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personification of the heavens: his name, Indrú, signifies the glorious; and his body, covered with stars, might easily be supposed to resemble the spangled heavens.'

The worship of aërial beings, under the general name of spirits, is easily accounted for from the proneness of mankind to superstitious fears respecting invisible existences, and from the notion found in the Hindoo writings, that every form of animated existence has its tutelar divinity presiding over itk.

These appear to have been the first gods worshipped in India, though such a system of mythology could in no way account for the existence and government of the universe ; which exhibited a process for which this system made no provision. This might therefore induce later Hindoo theologians to add three new gods, under the characters of the CREATOR, the PRESERVER, and the DESTROYER,-Brůmha, Vishnoo, and Shivủ ; and the pooranŭs exhibit each of these gods at his post, committing faults and absurdities that would disgrace beings destitute of every spark of divinity, and even of reason.

A philosophical doctrine found in the Tůntrůs, having reference to the supposed union of spirit and matter in the formation of the world', has introduced an order of FEMALE deities among this people, at the head of which stands Bhúgůvětēē, or Doorga Of this goddess, many forms are worshipped among the Hindoos; and indeed almost all the goddesses are only different forms of Bhủgůvětēē, as the image of Průkritee, or nature.

Júgủnnat’hủ, the lord of the world; Koovérů, the god of riches; Kamů-dévů, the god of love; Kartikeyú, the god of war; Yümů, the regent of death; and Vishwŭ-kúrmů, the architect of the gods; seem to have originated in the fables of the Hindoos, and in the imagined necessities of a people destitute of just ideas respecting Divine Providence.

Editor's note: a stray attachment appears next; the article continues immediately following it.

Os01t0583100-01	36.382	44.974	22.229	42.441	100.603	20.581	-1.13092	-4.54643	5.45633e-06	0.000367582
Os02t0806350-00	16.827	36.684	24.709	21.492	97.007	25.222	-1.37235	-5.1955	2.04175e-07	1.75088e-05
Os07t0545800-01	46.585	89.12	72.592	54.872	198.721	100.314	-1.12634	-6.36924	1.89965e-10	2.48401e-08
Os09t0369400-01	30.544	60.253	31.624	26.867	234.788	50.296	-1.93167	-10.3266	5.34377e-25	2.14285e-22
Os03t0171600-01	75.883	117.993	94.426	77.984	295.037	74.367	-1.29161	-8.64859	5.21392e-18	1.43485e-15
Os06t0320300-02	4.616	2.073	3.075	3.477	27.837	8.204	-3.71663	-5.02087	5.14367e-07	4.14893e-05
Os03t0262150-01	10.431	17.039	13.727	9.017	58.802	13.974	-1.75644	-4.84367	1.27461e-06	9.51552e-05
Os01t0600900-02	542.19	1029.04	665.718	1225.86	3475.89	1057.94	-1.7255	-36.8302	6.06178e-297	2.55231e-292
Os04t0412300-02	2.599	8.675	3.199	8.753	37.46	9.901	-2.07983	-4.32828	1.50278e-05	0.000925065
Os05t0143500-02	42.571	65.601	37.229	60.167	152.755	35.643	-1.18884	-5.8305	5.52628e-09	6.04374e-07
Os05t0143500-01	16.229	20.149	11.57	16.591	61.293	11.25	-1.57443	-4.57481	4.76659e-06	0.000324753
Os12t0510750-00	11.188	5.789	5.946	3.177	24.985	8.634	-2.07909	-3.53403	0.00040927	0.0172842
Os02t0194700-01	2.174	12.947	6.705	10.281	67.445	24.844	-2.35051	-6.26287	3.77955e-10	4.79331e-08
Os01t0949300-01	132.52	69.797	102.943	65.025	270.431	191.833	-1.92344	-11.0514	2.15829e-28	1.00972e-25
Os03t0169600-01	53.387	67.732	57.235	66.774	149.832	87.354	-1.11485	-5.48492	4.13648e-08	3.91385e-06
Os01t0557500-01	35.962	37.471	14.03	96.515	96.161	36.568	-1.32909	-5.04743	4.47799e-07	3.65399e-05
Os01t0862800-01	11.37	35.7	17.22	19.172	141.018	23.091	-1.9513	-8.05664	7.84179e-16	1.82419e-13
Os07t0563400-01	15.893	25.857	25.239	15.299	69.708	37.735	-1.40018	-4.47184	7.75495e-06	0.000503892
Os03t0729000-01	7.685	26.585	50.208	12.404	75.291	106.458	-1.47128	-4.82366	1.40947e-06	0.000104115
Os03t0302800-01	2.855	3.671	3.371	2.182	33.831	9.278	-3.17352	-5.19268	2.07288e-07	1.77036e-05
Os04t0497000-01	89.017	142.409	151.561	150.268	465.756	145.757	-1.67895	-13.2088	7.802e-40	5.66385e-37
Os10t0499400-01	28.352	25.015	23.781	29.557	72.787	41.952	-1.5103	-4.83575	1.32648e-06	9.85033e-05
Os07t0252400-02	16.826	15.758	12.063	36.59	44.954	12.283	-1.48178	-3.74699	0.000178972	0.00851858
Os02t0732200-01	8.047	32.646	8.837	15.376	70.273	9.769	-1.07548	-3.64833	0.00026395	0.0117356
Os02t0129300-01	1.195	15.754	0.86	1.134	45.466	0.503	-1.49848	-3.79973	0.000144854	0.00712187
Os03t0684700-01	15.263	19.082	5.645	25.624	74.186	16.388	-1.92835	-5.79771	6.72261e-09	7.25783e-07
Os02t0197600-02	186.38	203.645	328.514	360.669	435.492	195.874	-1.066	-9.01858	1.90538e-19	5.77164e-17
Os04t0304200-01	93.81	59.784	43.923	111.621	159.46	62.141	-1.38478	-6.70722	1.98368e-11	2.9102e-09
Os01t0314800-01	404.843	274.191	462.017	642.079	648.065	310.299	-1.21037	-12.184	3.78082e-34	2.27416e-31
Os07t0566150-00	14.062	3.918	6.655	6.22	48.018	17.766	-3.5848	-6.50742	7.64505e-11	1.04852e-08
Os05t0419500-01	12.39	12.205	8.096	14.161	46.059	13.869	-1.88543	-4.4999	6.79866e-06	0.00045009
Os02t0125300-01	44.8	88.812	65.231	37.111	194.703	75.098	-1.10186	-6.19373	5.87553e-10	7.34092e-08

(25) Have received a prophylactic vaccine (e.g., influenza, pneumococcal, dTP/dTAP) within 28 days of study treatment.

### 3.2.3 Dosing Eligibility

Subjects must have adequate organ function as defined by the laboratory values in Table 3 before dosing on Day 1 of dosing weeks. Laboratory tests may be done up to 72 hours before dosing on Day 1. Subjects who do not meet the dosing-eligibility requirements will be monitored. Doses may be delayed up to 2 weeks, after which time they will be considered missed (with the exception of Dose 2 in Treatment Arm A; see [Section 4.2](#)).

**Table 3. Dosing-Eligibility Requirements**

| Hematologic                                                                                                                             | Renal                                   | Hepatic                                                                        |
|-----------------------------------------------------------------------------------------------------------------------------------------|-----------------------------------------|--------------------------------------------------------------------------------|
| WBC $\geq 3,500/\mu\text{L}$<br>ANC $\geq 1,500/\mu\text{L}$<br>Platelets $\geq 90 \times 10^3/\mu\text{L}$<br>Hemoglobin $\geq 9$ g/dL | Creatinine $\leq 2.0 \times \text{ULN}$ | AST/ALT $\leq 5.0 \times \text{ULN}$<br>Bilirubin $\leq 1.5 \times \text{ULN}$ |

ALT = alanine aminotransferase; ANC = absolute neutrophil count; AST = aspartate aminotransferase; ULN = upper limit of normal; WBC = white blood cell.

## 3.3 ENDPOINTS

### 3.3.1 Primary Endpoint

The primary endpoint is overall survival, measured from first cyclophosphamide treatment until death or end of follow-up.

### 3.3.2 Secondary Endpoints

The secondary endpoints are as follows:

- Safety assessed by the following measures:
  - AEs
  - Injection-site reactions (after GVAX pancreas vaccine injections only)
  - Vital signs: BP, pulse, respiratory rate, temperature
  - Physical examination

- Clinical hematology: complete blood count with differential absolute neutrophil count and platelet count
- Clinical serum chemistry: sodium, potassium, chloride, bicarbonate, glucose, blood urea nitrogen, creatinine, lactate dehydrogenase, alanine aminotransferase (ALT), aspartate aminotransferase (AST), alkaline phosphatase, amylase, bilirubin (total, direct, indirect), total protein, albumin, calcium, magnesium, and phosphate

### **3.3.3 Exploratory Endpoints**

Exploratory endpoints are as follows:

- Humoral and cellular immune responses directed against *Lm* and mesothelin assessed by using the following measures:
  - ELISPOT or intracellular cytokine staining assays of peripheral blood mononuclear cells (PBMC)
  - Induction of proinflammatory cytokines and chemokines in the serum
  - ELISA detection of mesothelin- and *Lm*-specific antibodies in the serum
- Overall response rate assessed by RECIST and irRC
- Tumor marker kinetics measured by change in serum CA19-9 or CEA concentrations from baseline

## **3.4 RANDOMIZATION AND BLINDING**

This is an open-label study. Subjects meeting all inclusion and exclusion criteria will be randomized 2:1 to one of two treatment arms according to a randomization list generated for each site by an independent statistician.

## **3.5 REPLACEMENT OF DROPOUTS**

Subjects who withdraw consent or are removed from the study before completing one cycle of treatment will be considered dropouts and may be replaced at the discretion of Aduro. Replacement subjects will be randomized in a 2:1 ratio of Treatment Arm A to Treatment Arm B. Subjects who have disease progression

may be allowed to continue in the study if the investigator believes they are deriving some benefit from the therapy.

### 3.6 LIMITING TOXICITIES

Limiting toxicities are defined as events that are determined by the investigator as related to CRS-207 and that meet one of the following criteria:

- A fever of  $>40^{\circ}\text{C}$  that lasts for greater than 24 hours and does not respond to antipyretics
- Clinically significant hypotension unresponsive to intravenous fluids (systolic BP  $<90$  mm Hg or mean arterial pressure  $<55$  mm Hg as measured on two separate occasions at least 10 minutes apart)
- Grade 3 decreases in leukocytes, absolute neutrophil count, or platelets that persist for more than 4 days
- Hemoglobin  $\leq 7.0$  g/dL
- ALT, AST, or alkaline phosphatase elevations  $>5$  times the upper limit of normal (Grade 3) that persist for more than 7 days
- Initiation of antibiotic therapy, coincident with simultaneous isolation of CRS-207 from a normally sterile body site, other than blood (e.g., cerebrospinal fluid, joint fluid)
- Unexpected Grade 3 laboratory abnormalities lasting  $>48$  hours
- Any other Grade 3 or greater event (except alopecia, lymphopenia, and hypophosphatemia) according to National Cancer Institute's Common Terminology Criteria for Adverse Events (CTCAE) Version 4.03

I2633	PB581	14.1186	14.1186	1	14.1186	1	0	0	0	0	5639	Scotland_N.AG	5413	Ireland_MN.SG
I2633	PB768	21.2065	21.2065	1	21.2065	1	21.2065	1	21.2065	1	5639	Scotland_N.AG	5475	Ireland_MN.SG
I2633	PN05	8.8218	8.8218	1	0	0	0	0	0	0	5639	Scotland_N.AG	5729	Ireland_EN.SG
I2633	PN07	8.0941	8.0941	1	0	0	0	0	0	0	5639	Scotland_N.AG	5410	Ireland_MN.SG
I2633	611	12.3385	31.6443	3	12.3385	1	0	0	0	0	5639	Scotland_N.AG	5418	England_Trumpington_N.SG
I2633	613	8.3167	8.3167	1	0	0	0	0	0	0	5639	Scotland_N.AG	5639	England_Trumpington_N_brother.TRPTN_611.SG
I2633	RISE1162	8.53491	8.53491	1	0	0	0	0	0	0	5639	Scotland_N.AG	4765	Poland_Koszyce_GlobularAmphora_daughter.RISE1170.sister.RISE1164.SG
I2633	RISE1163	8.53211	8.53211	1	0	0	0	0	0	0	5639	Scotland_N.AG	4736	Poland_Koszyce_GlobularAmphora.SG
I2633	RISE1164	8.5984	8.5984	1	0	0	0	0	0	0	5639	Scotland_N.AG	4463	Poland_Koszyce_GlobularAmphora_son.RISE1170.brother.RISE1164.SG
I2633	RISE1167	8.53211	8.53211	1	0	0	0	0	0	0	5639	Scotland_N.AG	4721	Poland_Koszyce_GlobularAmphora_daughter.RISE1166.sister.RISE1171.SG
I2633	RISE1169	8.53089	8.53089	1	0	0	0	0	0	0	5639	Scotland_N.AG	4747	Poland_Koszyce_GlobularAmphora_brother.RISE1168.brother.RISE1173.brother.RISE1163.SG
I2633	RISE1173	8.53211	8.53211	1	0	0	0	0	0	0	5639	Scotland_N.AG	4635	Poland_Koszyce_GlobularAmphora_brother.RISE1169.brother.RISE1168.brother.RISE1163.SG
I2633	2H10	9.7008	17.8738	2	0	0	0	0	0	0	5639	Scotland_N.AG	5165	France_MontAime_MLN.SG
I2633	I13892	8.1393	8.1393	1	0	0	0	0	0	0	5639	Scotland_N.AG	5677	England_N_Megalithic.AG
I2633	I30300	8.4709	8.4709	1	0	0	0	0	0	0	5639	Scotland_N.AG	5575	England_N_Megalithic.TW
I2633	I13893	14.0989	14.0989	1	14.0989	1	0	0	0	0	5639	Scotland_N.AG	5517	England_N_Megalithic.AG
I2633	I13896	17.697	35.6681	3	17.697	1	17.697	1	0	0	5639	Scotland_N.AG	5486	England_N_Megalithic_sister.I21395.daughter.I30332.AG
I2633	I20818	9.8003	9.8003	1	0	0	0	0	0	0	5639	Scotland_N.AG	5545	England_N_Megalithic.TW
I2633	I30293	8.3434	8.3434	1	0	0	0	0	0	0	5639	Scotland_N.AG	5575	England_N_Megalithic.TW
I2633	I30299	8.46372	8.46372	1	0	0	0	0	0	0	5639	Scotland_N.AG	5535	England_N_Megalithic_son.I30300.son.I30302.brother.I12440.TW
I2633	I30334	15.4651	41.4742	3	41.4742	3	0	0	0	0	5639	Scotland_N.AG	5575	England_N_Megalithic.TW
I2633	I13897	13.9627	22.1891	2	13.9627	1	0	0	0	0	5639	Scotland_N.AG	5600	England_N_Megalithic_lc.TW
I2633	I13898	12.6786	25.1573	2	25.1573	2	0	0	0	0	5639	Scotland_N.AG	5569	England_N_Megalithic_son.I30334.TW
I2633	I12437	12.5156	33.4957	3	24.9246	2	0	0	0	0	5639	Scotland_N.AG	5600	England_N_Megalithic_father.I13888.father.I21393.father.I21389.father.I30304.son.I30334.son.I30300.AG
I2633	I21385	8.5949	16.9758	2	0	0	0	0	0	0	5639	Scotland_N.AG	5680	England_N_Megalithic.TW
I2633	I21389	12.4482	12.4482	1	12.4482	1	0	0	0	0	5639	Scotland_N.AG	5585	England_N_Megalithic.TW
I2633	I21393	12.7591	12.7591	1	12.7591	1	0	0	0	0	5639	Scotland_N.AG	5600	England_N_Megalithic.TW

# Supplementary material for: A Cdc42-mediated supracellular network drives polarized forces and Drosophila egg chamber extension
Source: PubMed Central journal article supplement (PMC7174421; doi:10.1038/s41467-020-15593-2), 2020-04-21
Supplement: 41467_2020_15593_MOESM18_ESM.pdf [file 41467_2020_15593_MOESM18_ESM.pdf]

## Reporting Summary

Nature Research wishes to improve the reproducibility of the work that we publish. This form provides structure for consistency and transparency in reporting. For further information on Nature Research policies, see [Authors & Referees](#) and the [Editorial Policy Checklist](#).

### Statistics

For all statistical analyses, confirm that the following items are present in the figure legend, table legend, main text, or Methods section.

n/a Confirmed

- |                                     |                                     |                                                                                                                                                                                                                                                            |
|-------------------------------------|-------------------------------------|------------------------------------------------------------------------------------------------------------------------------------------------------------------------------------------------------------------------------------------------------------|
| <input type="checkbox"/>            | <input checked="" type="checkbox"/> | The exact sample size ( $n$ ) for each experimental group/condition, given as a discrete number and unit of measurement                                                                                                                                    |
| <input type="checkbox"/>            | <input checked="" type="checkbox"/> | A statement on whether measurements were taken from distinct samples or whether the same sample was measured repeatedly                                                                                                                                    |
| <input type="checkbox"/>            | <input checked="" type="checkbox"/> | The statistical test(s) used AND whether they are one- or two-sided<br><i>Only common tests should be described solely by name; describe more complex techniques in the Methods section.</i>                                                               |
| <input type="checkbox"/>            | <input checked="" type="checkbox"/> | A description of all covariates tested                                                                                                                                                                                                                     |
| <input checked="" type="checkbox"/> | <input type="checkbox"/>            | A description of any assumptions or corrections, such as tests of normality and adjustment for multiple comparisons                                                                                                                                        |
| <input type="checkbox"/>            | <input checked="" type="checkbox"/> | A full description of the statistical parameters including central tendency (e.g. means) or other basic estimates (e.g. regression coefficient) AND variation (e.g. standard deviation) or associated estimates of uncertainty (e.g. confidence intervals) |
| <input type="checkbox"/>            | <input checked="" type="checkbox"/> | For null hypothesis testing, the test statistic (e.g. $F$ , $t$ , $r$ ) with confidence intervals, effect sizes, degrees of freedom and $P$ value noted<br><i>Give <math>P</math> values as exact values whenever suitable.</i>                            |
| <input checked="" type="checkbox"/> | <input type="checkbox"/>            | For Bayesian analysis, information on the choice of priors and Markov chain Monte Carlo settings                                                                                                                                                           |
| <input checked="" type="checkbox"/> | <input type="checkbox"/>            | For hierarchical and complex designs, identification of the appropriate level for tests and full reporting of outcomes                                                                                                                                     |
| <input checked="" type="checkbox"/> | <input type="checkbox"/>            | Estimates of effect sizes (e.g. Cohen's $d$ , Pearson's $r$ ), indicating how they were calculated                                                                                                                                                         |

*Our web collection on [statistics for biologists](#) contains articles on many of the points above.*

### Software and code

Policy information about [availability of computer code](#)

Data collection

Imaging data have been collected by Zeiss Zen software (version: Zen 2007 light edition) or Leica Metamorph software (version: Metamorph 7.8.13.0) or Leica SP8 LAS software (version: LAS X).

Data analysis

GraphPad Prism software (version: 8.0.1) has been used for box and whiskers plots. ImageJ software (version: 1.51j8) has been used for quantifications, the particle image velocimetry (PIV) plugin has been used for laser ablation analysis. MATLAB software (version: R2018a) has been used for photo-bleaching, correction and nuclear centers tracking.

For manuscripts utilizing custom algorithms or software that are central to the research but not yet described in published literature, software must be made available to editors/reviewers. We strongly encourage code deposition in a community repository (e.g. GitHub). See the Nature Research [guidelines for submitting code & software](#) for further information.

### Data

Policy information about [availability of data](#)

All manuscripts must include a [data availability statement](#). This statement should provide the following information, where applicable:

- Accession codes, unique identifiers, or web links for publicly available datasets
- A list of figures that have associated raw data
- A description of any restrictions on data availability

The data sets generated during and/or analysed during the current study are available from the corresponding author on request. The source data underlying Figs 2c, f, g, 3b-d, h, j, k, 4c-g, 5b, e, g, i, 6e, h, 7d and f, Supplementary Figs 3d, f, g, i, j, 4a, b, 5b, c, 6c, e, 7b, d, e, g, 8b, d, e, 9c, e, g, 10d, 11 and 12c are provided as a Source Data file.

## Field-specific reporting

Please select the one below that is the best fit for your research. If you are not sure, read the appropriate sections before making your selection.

k Diseases also, and divisions of time, as well as places, have their, tutelar deities. The god Bhúgů, who is blind of both eyes, presides over the members of the body.

1 Mr. Paterson thinks, that the mixed image of Húrti-Gourēē, in which Shivů and Doorga are united in one image, is intended to represent this union.

Krishnů, Ramů, and other terrestrial gods, are evidently deified

HEROES.

These general remarks may probably account for the whole system of Hindoo idolatry, without the absolute necessity of admitting that this people borrowed their gods from their neighbours. That they borrowed some, or the features of some, many striking coincidences hereafter mentioned seem to indicate; but, these coincidences excepted, we have found no further evidence of this factm.

I shall now give some account of the gods found in the HinDoo PANTHEON», as a very brief notice of what the reader has to expect in this volume.

It may be necessary, however, to premise, that the Hindoos profess to have 330,000,000 of gods : not that they have even the names of such a number; but they say, that God performs all his works by the instrumentality of the gods, and that all human actions, as well as all the elements, have their tutelar deities.

Images have been chosen to fix the mind of the worshipper,

in Should the reader, however, be inclined to pursue this subject, he will find much ingenious conjecture, and many apparent resemblances betwixt 'the Egyptian, Greek, and Roman mythology and that' of the Hindoos, in Mr. Paterson's essay already alluded to.